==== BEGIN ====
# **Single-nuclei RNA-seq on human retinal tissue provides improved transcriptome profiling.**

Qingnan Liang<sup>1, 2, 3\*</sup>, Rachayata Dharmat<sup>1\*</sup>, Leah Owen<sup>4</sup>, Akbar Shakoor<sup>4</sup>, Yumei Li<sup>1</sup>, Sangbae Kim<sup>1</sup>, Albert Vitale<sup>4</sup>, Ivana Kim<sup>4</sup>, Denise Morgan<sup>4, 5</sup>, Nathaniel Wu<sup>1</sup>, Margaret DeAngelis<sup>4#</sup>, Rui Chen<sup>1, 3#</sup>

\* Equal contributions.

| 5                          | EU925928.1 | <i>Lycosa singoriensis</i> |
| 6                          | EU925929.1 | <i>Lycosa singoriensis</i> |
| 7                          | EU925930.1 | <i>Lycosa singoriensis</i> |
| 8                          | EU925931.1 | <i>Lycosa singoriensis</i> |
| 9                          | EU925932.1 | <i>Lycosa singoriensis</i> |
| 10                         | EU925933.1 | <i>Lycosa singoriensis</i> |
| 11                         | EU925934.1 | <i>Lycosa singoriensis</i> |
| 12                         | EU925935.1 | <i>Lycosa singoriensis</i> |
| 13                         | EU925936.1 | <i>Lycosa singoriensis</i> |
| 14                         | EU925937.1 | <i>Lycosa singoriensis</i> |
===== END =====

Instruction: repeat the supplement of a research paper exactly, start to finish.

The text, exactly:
# **Single-nuclei RNA-seq on human retinal tissue provides improved transcriptome profiling.**

Qingnan Liang<sup>1, 2, 3\*</sup>, Rachayata Dharmat<sup>1\*</sup>, Leah Owen<sup>4</sup>, Akbar Shakoor<sup>4</sup>, Yumei Li<sup>1</sup>, Sangbae Kim<sup>1</sup>, Albert Vitale<sup>4</sup>, Ivana Kim<sup>4</sup>, Denise Morgan<sup>4, 5</sup>, Nathaniel Wu<sup>1</sup>, Margaret DeAngelis<sup>4#</sup>, Rui Chen<sup>1, 3#</sup>

\* Equal contributions.

| 5                          | EU925928.1 | <i>Lycosa singoriensis</i> |
| 6                          | EU925929.1 | <i>Lycosa singoriensis</i> |
| 7                          | EU925930.1 | <i>Lycosa singoriensis</i> |
| 8                          | EU925931.1 | <i>Lycosa singoriensis</i> |
| 9                          | EU925932.1 | <i>Lycosa singoriensis</i> |
| 10                         | EU925933.1 | <i>Lycosa singoriensis</i> |
| 11                         | EU925934.1 | <i>Lycosa singoriensis</i> |
| 12                         | EU925935.1 | <i>Lycosa singoriensis</i> |
| 13                         | EU925936.1 | <i>Lycosa singoriensis</i> |
| 14                         | EU925937.1 | <i>Lycosa singoriensis</i> |